Quebec court upholds law banning 'religious symbols', with exceptions
A court in the Canadian province of Quebec has upheld parts of a law that bans some government workers from wearing religious symbols - such as the hijab - at work, despite acknowledging that it violates the rights of Muslim women.
In a 242-page ruling, the Quebec Superior Court ruled on Tuesday that, while the law known as Bill 21, has "serious and negative consequences for all those who wear religious symbols in public", it ultimately does not violate "the Canadian constitutional architecture".
Still, the court struck down parts of the bill, saying that English schools in the French-speaking province would be exempt from the ban.
It also said that members of the National Assembly (MNAs) were allowed to wear religious symbols that covered their faces, such as the niqab, according to CBC News.
Bill 21, which was passed in 2019, issued a ban on public workers in "positions of authority", including teachers, judges, and prosecutors, from wearing religious symbols such as the hijab, the Sikh turban, and the Jewish kippah.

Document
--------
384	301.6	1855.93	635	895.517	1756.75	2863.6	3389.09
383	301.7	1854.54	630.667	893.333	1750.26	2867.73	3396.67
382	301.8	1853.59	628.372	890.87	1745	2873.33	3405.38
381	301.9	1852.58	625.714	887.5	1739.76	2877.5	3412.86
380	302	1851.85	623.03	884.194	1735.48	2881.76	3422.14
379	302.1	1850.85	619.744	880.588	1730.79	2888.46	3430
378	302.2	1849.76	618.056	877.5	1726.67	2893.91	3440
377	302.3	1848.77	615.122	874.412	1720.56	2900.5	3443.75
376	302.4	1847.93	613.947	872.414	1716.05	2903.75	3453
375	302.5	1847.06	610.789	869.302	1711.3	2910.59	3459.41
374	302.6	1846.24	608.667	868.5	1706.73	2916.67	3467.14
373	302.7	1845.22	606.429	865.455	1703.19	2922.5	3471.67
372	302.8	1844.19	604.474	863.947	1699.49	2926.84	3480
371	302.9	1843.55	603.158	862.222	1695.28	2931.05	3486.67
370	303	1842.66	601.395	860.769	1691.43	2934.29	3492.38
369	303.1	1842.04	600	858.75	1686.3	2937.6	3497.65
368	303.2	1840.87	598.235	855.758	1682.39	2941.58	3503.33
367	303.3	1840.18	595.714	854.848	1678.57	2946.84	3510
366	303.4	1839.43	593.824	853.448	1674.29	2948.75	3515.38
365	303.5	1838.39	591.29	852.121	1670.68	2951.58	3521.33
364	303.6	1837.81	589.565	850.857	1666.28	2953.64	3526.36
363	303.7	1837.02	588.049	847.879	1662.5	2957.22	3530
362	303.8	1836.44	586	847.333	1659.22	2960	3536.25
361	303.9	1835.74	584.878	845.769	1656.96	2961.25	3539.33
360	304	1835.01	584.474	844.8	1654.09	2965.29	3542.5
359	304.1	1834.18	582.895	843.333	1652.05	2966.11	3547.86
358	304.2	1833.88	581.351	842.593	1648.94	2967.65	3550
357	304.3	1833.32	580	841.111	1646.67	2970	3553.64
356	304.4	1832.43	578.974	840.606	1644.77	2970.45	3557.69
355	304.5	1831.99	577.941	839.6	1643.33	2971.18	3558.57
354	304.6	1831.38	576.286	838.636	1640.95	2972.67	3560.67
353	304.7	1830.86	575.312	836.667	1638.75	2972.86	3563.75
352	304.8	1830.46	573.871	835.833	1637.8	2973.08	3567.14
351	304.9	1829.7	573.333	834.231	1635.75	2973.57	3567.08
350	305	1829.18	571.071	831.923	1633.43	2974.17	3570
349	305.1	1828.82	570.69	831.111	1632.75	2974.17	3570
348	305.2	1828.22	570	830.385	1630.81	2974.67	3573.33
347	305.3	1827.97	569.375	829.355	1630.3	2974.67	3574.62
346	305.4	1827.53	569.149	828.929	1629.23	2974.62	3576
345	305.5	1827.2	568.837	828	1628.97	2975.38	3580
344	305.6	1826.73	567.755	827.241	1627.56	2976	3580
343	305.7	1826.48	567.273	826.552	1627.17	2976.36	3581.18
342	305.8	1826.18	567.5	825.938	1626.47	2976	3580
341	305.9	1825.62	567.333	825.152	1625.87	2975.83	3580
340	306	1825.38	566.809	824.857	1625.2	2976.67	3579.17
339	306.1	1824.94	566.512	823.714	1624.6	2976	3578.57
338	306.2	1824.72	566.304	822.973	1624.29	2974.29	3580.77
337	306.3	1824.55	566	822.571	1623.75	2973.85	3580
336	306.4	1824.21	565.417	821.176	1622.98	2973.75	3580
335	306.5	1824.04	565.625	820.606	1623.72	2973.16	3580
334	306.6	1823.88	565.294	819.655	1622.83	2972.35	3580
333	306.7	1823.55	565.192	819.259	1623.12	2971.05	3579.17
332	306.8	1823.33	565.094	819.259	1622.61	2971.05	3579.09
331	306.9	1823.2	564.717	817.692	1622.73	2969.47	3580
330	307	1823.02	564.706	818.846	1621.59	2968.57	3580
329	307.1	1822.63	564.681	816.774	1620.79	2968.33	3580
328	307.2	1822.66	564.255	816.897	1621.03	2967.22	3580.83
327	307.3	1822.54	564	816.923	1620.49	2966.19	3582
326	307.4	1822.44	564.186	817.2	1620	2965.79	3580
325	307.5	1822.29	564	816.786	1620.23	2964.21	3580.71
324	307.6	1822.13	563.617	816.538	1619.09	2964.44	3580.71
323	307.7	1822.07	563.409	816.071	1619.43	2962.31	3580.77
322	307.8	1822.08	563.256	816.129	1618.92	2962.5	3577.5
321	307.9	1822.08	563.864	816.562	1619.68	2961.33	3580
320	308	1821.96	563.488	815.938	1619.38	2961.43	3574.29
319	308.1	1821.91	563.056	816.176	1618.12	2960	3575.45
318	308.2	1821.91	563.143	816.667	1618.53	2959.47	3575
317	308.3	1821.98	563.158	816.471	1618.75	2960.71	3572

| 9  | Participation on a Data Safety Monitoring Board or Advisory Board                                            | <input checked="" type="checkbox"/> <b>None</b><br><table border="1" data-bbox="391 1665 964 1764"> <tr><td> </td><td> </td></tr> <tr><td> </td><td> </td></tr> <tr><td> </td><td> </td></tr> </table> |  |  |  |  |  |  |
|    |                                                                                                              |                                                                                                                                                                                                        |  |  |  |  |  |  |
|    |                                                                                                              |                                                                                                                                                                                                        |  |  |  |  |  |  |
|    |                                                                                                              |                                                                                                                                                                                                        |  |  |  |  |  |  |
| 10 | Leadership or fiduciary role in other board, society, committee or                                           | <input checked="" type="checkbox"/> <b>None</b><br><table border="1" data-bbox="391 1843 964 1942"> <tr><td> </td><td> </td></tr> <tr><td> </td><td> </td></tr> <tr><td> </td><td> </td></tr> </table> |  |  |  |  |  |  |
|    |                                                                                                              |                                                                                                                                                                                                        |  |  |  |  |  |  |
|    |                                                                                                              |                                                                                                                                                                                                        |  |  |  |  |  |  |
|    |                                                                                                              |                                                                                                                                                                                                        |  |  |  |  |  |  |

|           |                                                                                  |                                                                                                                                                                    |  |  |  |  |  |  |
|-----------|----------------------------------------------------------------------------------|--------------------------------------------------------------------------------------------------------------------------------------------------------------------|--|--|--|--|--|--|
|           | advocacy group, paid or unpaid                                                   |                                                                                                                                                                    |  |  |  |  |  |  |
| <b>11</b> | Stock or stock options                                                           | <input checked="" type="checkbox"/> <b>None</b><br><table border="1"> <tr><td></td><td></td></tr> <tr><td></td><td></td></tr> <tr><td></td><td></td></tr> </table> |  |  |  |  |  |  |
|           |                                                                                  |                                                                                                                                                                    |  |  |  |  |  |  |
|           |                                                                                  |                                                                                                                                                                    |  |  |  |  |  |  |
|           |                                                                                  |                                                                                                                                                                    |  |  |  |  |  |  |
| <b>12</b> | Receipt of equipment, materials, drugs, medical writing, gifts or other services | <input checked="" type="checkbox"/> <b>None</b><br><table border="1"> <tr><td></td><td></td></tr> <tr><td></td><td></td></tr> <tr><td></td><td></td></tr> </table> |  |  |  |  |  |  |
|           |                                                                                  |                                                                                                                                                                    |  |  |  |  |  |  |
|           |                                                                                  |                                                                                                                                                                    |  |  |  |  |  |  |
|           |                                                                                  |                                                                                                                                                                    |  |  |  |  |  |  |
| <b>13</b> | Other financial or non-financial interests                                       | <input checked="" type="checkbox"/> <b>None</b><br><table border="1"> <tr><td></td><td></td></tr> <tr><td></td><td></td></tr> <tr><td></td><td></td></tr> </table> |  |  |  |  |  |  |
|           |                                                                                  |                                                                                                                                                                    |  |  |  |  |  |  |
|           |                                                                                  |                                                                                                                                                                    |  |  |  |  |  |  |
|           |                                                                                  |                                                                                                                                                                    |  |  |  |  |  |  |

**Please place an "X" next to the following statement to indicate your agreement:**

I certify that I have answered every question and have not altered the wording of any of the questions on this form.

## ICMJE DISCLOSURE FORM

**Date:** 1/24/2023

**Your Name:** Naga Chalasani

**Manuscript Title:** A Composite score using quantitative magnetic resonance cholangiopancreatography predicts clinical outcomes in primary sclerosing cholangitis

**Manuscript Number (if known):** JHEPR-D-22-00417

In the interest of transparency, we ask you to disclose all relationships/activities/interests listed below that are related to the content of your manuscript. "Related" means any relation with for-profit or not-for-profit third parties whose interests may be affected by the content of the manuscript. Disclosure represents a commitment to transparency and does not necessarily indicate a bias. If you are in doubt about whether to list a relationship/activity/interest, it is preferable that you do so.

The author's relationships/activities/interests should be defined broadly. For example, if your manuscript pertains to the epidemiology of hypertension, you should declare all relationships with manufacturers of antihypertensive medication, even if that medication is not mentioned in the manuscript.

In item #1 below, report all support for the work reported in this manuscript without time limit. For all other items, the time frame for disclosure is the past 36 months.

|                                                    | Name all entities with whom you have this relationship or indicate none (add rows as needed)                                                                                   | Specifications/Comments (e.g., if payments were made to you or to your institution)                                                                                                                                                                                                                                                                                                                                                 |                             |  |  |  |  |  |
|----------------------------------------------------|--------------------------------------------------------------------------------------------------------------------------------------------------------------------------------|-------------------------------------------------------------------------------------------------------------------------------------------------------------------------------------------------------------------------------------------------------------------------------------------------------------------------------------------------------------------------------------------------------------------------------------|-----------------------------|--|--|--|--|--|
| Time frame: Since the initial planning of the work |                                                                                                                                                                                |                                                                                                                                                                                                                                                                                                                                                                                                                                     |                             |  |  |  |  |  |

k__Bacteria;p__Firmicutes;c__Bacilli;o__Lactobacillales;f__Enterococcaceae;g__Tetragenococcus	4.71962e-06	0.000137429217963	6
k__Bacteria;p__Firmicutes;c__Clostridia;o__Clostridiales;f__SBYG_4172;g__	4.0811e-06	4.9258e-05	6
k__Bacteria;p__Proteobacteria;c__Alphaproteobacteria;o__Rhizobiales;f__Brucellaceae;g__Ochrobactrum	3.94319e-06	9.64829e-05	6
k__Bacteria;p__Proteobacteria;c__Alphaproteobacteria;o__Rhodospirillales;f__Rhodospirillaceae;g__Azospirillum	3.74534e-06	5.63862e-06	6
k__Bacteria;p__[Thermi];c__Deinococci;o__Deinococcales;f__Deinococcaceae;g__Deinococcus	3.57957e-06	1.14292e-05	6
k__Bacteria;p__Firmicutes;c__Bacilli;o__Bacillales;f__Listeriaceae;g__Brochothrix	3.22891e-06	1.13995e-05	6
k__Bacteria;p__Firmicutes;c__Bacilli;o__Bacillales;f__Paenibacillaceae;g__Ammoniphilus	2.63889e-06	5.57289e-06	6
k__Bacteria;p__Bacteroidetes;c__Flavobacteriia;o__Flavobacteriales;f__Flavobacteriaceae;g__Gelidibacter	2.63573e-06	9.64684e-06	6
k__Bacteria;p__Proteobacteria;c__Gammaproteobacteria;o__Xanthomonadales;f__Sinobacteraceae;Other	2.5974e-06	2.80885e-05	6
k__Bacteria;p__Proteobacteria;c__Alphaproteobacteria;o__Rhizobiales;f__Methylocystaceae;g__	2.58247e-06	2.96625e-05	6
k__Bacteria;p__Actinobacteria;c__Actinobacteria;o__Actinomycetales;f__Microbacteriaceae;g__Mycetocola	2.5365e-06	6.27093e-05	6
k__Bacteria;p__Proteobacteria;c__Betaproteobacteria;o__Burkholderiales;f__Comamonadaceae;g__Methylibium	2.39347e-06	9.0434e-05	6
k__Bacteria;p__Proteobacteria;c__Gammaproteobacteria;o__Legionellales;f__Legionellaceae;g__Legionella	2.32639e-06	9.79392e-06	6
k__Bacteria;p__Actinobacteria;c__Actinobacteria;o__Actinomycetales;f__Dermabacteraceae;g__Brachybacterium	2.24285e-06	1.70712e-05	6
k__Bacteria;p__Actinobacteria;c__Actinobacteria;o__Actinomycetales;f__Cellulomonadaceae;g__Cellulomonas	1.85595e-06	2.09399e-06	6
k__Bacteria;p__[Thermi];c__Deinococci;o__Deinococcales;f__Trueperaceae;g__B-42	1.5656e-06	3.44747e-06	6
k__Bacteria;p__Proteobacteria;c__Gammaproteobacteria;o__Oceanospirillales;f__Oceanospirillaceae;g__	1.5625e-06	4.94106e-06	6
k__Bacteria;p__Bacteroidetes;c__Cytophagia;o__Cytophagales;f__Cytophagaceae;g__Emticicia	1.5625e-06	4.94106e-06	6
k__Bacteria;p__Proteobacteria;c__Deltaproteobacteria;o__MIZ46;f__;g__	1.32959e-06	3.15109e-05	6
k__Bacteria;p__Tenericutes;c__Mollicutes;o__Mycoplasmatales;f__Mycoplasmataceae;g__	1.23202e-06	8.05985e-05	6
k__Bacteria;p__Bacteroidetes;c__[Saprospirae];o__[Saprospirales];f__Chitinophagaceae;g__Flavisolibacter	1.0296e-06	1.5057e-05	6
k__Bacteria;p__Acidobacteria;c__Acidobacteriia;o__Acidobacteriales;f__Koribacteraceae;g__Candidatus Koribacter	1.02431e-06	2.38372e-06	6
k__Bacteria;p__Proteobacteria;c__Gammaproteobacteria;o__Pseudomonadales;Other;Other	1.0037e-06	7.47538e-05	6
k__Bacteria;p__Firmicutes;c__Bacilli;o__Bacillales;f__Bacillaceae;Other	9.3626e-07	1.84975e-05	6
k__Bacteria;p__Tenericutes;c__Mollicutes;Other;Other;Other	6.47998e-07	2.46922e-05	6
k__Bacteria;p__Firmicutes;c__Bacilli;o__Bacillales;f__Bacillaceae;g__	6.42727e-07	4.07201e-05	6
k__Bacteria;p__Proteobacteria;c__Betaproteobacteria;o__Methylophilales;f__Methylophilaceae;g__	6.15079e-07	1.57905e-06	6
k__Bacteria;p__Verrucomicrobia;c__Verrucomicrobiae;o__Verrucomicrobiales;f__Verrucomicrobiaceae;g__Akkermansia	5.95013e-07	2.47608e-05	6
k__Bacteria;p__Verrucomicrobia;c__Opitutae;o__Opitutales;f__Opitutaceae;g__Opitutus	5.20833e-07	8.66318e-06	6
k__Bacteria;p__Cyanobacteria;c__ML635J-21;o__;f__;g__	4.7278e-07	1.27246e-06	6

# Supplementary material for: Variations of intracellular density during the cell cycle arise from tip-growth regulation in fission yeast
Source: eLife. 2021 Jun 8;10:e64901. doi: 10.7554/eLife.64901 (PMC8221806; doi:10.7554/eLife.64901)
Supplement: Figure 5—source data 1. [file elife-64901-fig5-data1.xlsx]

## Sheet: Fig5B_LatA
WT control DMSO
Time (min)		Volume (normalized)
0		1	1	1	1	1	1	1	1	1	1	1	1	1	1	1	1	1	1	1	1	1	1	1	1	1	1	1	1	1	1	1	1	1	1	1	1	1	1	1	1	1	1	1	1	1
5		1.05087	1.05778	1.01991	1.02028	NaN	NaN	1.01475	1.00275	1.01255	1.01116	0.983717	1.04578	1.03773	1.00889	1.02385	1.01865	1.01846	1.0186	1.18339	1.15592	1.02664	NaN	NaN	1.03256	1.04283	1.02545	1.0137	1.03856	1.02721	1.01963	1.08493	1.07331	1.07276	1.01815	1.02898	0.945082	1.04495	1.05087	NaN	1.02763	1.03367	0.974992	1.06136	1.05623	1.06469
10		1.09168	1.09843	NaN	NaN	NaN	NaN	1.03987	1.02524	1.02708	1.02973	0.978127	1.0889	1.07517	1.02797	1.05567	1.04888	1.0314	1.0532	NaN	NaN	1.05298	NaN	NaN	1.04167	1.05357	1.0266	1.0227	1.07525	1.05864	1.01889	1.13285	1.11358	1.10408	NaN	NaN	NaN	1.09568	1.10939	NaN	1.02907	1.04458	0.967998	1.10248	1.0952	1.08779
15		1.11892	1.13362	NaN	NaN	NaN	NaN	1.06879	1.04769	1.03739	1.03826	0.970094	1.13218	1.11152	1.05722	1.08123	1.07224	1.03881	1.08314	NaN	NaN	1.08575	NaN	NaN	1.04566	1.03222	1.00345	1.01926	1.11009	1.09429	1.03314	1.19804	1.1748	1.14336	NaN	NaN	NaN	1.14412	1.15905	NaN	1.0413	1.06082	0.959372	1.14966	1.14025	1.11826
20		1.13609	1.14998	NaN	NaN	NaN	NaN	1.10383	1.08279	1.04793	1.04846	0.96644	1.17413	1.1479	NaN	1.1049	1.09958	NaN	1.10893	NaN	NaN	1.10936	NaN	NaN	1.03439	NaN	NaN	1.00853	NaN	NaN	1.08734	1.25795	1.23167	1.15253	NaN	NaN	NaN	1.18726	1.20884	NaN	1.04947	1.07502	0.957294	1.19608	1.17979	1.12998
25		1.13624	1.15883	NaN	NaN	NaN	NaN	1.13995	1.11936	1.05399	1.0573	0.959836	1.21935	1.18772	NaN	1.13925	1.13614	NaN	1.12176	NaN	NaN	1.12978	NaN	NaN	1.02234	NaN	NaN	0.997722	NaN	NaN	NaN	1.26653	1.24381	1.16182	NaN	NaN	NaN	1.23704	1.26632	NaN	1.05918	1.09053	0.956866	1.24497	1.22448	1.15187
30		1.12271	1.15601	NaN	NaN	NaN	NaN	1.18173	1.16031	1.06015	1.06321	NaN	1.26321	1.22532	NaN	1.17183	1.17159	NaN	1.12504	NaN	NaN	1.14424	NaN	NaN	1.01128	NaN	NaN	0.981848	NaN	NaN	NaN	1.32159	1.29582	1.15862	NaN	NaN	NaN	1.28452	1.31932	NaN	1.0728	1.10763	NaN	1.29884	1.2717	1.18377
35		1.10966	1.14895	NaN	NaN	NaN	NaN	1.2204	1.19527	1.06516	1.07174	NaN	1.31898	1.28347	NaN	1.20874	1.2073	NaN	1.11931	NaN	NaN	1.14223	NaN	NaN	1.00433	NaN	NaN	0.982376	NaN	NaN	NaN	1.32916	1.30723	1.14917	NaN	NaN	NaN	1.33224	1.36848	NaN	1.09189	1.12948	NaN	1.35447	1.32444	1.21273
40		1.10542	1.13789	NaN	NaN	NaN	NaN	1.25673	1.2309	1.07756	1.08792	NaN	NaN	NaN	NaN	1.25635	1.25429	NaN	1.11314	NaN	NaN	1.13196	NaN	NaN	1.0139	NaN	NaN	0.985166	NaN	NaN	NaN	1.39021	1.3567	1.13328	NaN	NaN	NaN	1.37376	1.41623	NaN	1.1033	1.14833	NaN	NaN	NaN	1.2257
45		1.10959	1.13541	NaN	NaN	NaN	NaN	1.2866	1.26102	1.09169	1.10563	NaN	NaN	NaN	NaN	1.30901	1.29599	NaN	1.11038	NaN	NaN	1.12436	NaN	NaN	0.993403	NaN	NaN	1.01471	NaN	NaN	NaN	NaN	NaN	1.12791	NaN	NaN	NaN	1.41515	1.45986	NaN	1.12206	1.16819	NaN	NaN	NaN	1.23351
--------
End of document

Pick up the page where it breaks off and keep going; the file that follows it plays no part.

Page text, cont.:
The National Council of Canadian Muslims (NCCM), a Muslim advocacy and civil liberties group, said Tuesday's ruling made it clear there were "fundamental problems" with the law.
"Bill 21 causes serious harm. As we examine our options, we will not stop until all Quebecers are treated fairly," said Khalid Elgazzar, NCCM's vice chair, as reported by Al Jazeera.
The legislation is a part of a years-long debate in Quebec over the issue of secularism and the protection of minority rights.
In 2017, Quebec passed a law, Bill 62, that barred individuals from giving or receiving public services with their faces covered.
It was met with widespread public protests, and was later suspended after a Muslim woman in Quebec who wears the niqab filed a legal challenge against the law, arguing it violated her constitutional rights.
Canadian Prime Minister Justin Trudeau has spoken out against Bill 21, saying in 2019 that it was "unthinkable" to "legitimise discrimination against citizens based on their religion".
"We do not feel it is a government's responsibility or in a government's interest to legislate on what people should be wearing," he said.
However, the provincial government has said the 2019 law was necessary to preserve Quebec's version of secularism, while critics of the bill say it is an attack on religious minorities and freedom of expression.
In March, a survey by the Canadian polling firm Leger found that a majority of Quebecers favoured a public ban on the wearing of religious symbols.